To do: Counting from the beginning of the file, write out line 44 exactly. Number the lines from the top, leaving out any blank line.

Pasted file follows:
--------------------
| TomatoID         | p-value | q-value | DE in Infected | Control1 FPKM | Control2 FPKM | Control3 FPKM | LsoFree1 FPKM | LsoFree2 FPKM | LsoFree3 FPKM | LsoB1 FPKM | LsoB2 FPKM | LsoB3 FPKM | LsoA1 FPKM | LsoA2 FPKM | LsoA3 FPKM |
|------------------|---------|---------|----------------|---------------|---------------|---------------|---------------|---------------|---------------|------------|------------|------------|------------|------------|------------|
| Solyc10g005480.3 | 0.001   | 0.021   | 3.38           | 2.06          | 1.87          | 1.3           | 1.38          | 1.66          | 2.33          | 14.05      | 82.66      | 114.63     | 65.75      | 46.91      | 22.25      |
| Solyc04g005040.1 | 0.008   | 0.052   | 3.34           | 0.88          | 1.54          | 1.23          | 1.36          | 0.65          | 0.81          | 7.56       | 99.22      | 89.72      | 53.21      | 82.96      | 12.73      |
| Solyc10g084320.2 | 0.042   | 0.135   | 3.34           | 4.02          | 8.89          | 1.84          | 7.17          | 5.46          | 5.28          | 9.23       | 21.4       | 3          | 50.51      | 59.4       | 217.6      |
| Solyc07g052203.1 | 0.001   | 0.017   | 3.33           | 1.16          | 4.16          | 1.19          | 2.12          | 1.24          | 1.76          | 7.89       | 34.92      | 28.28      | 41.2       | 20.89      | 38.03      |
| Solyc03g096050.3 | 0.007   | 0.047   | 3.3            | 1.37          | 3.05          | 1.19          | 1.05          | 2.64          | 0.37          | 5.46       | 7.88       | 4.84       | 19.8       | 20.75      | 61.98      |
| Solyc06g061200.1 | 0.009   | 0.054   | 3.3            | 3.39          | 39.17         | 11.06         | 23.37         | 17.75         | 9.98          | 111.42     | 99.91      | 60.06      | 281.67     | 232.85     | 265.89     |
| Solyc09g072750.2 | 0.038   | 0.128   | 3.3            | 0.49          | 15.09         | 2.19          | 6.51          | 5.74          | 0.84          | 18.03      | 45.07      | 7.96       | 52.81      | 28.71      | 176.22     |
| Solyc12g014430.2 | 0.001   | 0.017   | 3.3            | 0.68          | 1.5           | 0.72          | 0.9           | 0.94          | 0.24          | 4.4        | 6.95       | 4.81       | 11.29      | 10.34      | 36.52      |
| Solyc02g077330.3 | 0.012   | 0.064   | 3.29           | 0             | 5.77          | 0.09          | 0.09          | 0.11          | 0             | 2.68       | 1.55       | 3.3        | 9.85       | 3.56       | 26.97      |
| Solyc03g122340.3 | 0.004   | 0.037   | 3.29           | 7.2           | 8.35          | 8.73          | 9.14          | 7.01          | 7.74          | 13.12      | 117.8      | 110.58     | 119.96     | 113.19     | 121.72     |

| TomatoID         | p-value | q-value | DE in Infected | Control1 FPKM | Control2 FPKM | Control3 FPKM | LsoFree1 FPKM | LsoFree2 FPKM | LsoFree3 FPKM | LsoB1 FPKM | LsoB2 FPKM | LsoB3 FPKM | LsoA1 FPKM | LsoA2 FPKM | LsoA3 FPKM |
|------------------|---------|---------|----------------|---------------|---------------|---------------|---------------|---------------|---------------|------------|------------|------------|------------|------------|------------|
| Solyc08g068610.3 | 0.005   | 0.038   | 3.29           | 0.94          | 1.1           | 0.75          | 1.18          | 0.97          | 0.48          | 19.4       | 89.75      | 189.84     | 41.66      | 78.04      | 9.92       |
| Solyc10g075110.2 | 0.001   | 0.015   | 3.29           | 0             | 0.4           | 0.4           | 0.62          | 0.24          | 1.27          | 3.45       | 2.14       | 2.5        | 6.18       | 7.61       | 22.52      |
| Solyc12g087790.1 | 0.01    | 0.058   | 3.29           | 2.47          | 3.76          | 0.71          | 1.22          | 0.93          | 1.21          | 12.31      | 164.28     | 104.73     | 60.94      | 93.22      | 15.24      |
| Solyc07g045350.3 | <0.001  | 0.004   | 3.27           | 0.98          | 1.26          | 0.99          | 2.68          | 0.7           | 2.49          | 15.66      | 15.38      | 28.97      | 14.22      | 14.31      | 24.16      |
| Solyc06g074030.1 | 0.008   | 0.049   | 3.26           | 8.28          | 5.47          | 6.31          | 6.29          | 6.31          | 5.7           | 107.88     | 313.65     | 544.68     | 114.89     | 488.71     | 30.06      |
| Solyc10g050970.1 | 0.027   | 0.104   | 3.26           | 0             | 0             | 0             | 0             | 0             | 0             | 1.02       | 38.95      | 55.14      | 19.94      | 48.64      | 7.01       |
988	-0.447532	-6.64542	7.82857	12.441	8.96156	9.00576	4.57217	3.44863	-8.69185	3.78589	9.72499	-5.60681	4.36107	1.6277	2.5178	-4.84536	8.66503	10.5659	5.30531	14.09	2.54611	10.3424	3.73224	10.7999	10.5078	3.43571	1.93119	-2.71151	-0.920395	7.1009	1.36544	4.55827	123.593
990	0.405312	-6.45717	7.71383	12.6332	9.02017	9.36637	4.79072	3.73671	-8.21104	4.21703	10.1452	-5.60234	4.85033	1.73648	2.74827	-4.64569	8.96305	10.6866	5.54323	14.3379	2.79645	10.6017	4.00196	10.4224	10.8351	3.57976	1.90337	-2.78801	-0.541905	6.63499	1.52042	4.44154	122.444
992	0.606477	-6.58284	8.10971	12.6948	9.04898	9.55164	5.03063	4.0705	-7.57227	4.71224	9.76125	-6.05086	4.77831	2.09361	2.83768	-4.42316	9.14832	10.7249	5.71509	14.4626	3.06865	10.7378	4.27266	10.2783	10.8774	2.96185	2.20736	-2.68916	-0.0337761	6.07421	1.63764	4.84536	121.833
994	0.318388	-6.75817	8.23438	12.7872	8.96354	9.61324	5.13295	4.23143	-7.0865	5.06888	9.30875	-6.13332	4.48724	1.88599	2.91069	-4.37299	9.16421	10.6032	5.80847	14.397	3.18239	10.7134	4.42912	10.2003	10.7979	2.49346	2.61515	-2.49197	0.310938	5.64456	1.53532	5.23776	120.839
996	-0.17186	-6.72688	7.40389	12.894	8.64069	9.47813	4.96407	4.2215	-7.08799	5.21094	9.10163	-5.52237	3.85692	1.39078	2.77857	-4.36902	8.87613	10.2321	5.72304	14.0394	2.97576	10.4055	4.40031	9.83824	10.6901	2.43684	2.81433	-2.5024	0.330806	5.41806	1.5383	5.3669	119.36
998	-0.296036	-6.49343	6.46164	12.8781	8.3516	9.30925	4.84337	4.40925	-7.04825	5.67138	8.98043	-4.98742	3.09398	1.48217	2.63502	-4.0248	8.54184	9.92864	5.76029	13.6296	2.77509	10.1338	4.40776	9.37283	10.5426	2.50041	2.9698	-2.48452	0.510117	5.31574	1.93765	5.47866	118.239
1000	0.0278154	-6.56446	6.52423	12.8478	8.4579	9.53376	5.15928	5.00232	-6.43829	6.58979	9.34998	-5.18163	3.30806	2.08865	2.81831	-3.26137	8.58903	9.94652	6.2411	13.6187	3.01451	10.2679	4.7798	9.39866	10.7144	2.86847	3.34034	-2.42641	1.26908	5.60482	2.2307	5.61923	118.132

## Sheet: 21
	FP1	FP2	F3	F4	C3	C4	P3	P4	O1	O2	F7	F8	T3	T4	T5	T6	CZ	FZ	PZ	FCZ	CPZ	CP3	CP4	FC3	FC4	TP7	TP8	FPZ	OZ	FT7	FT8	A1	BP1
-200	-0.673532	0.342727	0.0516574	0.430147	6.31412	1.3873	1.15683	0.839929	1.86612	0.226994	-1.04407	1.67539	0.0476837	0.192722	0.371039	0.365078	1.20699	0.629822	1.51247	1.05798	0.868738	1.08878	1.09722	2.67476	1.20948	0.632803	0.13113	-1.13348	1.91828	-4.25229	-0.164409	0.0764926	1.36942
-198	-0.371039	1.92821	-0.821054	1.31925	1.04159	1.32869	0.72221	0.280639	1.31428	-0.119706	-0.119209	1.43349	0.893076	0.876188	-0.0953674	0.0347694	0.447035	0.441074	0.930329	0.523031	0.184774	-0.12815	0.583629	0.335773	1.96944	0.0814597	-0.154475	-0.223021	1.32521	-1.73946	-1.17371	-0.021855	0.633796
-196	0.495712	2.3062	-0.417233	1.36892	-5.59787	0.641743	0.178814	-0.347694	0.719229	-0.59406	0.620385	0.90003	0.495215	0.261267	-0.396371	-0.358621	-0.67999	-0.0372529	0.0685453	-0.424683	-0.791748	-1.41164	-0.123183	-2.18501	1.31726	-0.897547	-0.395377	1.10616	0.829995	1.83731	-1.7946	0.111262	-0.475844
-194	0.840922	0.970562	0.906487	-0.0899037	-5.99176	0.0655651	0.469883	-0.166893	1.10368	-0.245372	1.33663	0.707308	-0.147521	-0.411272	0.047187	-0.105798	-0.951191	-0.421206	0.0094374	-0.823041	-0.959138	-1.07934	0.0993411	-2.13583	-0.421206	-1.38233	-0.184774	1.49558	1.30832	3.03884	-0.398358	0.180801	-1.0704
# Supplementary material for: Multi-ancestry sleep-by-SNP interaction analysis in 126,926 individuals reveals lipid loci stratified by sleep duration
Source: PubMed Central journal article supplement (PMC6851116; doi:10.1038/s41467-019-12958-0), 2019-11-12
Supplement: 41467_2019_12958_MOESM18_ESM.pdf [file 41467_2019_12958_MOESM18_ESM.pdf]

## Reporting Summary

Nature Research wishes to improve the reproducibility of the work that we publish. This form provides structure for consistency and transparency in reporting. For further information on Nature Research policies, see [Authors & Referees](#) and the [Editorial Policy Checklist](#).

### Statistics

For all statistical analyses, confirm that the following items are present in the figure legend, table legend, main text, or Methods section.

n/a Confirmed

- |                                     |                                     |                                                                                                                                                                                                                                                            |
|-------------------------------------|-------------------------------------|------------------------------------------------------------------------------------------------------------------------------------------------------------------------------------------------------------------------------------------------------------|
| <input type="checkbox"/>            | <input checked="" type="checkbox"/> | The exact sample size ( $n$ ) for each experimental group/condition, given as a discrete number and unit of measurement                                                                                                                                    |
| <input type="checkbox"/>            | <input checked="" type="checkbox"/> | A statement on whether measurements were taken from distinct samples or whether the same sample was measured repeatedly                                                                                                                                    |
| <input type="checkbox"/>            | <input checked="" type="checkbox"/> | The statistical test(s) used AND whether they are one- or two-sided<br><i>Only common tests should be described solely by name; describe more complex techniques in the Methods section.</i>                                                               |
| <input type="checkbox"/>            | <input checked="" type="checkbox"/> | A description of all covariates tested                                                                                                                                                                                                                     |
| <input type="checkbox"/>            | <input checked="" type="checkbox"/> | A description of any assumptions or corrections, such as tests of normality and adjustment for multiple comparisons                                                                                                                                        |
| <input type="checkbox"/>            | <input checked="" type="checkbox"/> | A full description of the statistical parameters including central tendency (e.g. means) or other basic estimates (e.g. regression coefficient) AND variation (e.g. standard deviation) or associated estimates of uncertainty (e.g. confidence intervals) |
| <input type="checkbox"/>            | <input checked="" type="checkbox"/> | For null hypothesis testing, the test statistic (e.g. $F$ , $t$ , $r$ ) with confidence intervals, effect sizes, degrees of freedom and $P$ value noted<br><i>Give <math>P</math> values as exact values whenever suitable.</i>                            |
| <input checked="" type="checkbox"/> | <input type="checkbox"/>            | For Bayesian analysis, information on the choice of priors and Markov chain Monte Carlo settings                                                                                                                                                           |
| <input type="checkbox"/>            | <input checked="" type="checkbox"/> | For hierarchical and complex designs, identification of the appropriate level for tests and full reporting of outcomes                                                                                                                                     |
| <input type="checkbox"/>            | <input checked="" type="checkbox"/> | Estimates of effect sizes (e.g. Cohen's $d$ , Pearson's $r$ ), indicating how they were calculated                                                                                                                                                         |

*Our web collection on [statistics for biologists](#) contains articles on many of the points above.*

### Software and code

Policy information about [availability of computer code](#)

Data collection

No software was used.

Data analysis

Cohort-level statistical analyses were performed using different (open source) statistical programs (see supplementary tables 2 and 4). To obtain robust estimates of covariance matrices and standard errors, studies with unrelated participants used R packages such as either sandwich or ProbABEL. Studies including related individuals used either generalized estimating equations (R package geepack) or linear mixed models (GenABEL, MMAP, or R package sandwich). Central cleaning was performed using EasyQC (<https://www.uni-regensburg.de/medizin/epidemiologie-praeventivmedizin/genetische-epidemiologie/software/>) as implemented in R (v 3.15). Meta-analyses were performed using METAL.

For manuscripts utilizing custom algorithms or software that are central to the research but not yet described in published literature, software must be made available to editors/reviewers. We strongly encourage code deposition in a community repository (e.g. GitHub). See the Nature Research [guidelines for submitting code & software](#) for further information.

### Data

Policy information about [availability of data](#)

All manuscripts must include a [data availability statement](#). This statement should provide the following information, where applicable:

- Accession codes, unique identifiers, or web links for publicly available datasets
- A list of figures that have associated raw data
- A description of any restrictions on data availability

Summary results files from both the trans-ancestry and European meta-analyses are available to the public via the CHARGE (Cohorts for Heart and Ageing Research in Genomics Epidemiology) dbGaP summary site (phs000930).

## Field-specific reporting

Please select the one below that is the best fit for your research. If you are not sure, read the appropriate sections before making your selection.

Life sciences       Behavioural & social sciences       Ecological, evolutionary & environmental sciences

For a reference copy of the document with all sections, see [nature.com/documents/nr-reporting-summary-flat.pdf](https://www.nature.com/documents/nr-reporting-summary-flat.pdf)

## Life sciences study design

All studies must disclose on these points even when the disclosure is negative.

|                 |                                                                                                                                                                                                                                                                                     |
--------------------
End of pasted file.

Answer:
| <input type="checkbox"/>            | <input checked="" type="checkbox"/> | The exact sample size ( $n$ ) for each experimental group/condition, given as a discrete number and unit of measurement                                                                                                                                    |